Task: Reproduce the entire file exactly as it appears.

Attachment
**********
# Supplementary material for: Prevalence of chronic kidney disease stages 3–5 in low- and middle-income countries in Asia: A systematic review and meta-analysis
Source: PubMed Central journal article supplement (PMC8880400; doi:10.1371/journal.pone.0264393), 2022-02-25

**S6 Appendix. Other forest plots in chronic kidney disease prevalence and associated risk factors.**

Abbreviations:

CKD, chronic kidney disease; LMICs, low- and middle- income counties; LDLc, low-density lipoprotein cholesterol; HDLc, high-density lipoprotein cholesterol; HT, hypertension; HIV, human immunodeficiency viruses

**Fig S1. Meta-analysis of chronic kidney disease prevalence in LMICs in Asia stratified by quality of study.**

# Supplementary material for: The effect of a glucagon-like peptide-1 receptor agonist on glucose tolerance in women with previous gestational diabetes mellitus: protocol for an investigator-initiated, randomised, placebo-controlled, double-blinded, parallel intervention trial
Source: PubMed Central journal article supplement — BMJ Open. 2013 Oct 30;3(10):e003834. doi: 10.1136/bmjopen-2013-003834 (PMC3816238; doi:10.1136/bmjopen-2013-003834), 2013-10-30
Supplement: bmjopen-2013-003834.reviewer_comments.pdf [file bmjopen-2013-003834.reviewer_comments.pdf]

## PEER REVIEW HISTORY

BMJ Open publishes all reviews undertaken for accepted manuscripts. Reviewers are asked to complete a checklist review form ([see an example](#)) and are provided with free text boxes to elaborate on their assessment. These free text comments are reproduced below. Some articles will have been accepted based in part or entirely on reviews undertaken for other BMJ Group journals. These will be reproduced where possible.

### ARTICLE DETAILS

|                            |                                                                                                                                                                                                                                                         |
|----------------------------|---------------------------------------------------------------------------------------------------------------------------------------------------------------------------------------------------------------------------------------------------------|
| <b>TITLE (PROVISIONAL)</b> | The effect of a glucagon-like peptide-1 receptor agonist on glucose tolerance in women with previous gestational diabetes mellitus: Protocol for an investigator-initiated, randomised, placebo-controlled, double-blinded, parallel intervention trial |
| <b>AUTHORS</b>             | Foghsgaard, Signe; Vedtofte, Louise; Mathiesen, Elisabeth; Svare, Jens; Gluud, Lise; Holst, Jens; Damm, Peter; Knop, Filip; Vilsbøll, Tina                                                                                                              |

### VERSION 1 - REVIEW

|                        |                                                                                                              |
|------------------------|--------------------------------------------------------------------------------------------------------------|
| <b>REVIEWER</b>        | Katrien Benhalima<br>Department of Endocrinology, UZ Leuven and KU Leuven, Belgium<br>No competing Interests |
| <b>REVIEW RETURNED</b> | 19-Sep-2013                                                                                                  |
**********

# Supplementary material for: Prevalence of chronic kidney disease stages 3–5 in low- and middle-income countries in Asia: A systematic review and meta-analysis
Source: PubMed Central journal article supplement (PMC8880400; doi:10.1371/journal.pone.0264393), 2022-02-25

**S6 Appendix. Other forest plots in chronic kidney disease prevalence and associated risk factors.**

Abbreviations:

CKD, chronic kidney disease; LMICs, low- and middle- income counties; LDLc, low-density lipoprotein cholesterol; HDLc, high-density lipoprotein cholesterol; HT, hypertension; HIV, human immunodeficiency viruses

**Fig S1. Meta-analysis of chronic kidney disease prevalence in LMICs in Asia stratified by quality of study.**

# Supplementary material for: The effect of a glucagon-like peptide-1 receptor agonist on glucose tolerance in women with previous gestational diabetes mellitus: protocol for an investigator-initiated, randomised, placebo-controlled, double-blinded, parallel intervention trial
Source: PubMed Central journal article supplement — BMJ Open. 2013 Oct 30;3(10):e003834. doi: 10.1136/bmjopen-2013-003834 (PMC3816238; doi:10.1136/bmjopen-2013-003834), 2013-10-30
Supplement: bmjopen-2013-003834.reviewer_comments.pdf [file bmjopen-2013-003834.reviewer_comments.pdf]

## PEER REVIEW HISTORY

BMJ Open publishes all reviews undertaken for accepted manuscripts. Reviewers are asked to complete a checklist review form ([see an example](#)) and are provided with free text boxes to elaborate on their assessment. These free text comments are reproduced below. Some articles will have been accepted based in part or entirely on reviews undertaken for other BMJ Group journals. These will be reproduced where possible.

### ARTICLE DETAILS

|                            |                                                                                                                                                                                                                                                         |
|----------------------------|---------------------------------------------------------------------------------------------------------------------------------------------------------------------------------------------------------------------------------------------------------|
| <b>TITLE (PROVISIONAL)</b> | The effect of a glucagon-like peptide-1 receptor agonist on glucose tolerance in women with previous gestational diabetes mellitus: Protocol for an investigator-initiated, randomised, placebo-controlled, double-blinded, parallel intervention trial |
| <b>AUTHORS</b>             | Foghsgaard, Signe; Vedtofte, Louise; Mathiesen, Elisabeth; Svare, Jens; Gluud, Lise; Holst, Jens; Damm, Peter; Knop, Filip; Vilsbøll, Tina                                                                                                              |

### VERSION 1 - REVIEW

|                        |                                                                                                              |
|------------------------|--------------------------------------------------------------------------------------------------------------|
| <b>REVIEWER</b>        | Katrien Benhalima<br>Department of Endocrinology, UZ Leuven and KU Leuven, Belgium<br>No competing Interests |
| <b>REVIEW RETURNED</b> | 19-Sep-2013                                                                                                  |